Inside Mixed Drinks: A Dancer’s PerspectiveOct 15th, 2012 | By Steven Weisz | Category: What Kat Saw
By Kat Richter for The Dance Journal
Today I take off my critic’s hat to make a confession: I don’t really like taking risks. Being an artist, this puts me at a significant disadvantage. Art, after all, is all about venturing into the great unknown to try something new. Nonetheless, performance opportunities for tap dancers are few and far between in Philadelphia so when the call came out for choreographers to partake in a mysterious compositional exchange otherwise as Mixed Drinks, I decided it was time to man up.
So I sent an email to the folks over at Point of Departure under the direction of Melanie Stewart and received a confirmation that my application had been received. I, along with 29 other local dancer/choreographers would be paired up with 30 local composer/musicians to perform a two-minute piece at Christ Church Neighborhood House. The only catch? None of us would receive our music until the night before.
This is when I started to get nervous. In fact, this is when I considered pulling out of the project. In theory, tap dancers can perform to just about anything, as Savion Glover has proven time and time again (perhaps most surprisingly by tapping to Bach in his Classical Savion concert). In practice, however, there’s no guarantee that a less traditional pairing is going to work. What if I received some sort of atonal, arrhythmic experiment in free jazz? What then?
In addition, I’d decided to perform a duet with Pamela Hetherington, my partner in crime and co-founder of The Lady Hoofers. We’ve been working together for about a year and a half now and even though we’ve collaborated on everything from an all-women show for the Fringe to a concert at City Hall for Jazz Appreciation Month, she still surprises me sometimes. And I don’t like surprises, especially when the music is going to be surprising enough.
I’m about to step into a staff meeting when I receive the long-awaited email. Our music. It’s a short track, just over a minute and a half, by Adam Rose called Beachy Bossa. I press my Droid to my ear and pray that some sort of beat is going to emerge eventually (and please God, if you’re feeling generous, let it be a 4/4 time signature and not something… weird). I can handle a 2/4, 3/4, 6/8 and even 12/4 on occasion but 5/4 is beyond my mental capacity right now—5/4 is going to take way more than a day to prepare.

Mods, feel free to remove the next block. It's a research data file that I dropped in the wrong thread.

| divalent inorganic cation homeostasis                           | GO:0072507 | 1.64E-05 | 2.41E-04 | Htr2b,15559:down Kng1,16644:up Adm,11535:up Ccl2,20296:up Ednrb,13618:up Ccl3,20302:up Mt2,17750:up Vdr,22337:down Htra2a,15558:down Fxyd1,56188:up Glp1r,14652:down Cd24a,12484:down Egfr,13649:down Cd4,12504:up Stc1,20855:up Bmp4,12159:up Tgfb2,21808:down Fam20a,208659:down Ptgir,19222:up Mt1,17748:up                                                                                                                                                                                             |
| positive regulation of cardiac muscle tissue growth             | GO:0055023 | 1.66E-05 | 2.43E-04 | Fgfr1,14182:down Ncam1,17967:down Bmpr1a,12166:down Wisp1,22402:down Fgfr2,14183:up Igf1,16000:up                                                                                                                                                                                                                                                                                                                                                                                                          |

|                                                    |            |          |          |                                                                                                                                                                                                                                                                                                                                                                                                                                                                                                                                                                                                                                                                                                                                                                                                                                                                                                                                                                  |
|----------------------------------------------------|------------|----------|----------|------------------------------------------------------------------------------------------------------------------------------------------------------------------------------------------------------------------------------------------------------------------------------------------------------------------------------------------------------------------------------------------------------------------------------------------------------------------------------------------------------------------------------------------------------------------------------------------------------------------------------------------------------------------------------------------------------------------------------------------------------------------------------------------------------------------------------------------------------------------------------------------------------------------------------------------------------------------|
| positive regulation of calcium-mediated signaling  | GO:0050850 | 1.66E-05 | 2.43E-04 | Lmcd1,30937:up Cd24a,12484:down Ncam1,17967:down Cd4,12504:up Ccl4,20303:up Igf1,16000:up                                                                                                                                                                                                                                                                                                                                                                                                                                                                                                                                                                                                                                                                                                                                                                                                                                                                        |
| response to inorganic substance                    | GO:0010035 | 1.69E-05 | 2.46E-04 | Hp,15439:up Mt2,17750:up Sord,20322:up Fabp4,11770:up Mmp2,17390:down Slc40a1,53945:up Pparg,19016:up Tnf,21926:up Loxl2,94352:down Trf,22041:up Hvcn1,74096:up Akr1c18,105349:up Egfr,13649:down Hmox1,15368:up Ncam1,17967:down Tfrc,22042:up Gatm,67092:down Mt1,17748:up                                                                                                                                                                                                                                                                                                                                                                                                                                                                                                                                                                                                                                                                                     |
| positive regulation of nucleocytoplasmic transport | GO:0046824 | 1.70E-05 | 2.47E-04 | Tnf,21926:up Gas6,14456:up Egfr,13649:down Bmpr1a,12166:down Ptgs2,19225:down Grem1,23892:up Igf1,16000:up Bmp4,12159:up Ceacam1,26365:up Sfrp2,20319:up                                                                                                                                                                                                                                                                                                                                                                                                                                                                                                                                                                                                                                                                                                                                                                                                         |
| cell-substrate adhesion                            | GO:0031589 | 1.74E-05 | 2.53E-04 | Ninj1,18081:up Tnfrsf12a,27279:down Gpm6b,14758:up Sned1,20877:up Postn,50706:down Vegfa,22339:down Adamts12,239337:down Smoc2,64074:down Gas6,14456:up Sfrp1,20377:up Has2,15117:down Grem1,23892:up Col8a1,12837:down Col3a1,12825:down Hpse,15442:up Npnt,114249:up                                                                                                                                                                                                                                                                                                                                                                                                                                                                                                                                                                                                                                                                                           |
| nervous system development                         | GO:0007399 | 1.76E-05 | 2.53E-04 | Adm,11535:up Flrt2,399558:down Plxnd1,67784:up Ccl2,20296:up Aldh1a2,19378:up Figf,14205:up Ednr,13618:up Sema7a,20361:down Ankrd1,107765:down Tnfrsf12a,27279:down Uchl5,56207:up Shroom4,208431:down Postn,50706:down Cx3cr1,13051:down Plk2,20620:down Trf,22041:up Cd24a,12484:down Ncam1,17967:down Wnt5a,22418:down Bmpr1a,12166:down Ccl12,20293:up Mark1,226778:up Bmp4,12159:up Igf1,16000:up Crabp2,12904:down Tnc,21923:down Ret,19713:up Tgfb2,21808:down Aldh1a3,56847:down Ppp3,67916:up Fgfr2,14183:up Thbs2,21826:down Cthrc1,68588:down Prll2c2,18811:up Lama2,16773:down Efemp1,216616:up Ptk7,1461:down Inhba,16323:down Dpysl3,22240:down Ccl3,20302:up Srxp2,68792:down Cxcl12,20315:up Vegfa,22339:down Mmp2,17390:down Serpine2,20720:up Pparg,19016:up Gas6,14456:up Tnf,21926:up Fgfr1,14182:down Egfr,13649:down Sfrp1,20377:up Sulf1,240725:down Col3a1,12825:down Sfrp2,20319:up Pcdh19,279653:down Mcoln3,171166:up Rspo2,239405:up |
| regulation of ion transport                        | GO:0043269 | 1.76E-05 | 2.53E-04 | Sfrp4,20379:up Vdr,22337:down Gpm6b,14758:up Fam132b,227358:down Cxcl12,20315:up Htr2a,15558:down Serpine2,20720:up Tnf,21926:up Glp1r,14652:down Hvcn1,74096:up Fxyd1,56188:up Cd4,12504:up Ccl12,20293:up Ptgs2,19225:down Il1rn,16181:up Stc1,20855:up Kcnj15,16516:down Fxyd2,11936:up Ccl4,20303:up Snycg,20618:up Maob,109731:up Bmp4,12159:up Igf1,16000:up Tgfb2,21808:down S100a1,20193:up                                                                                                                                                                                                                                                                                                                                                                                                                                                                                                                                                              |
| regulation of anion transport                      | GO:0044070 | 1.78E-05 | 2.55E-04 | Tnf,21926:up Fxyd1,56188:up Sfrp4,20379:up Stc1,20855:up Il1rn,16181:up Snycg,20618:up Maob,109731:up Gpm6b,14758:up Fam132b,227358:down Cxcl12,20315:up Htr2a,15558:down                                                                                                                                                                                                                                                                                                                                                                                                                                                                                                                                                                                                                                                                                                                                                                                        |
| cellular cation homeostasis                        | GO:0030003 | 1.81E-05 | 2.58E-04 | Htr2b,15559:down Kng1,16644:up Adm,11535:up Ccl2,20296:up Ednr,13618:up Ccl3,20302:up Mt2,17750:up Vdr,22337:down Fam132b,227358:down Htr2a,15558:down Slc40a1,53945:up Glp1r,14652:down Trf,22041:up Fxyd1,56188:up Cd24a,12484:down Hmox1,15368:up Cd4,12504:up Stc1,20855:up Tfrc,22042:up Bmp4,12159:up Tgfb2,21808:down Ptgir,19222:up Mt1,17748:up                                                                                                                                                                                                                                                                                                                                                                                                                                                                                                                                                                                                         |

Fortunately it’s a fairly straightforward 4/4. I drive up to Cheltenham on Saturday morning and Pam and I start experimenting under the watchful eyes of the mounted deer heads that adorn her attic studio. We pull out some old steps, teach each other some news ones and splice together a two minute duet complete with an improve section and even a cannon. I feel like I’m back in college, racing at the last minute to slap together a phrase for my dreaded Dance Comp 101 class, but after an hour of rehearsal, I’m satisfied with what we’ve come up with. Plus, we’re going to be the only tap dancers anyway.
We get to the theater around 4:30. It’s the usual fare: modern dancers in sweat pants and scarves scattered throughout the space going through their warm ups. I feel a bit out of place in my jeans and high heeled La Ducas but I’m getting used to it at this point. Melanie tells us we’re going to sit at the edge of the stage until it’s our turn to perform and then we run the entire show, start to finish.
Three hours later, it’s show time. As I lean against a cold metal radiator and feel my muscles start to cool down, I’m forced to admit that I’m not 16 anymore. I need to warm up. There’s no way my feet are going to move quickly enough to pull off the double time bossa nova step we’re planning, and I’m not the only one with this problem. But the show must go on.
Dancers crawl across the stage as duets merge into solos, then back into duets again. Some have props—a spool of jump rope, a large white sheet, a trail of crumpled brown paper—while others take a more minimalist approach, moving only their arms or facing upstage away from the audience the entire time.
At last it’s our turn. I peel off my coat, my sweater and my scarf and slide onstage, my taps just a whisper until we start to hit in time with the beat. We get through the tricky transitions, the syncopated rhythms, the over the tops and even the a cappella tag at the end of the piece. It isn’t perfect, but it’s different, and that’s the whole point.
At the end of the show, Melanie invites the composers to join us onstage so we can talk about our various processes. I’m shocked to find out that some of choreographers created their phrases before receiving their music, and that others chose not to listen to their music until rehearsal that afternoon. This seems sacrilege to me but it just goes to show that it takes all kinds—Mixed Drinks indeed.
Kat Richter is a freelance writer and teaching artist. Her work can be found at www.katrichter.com
Photo Credit Bill Hebert, BH Photos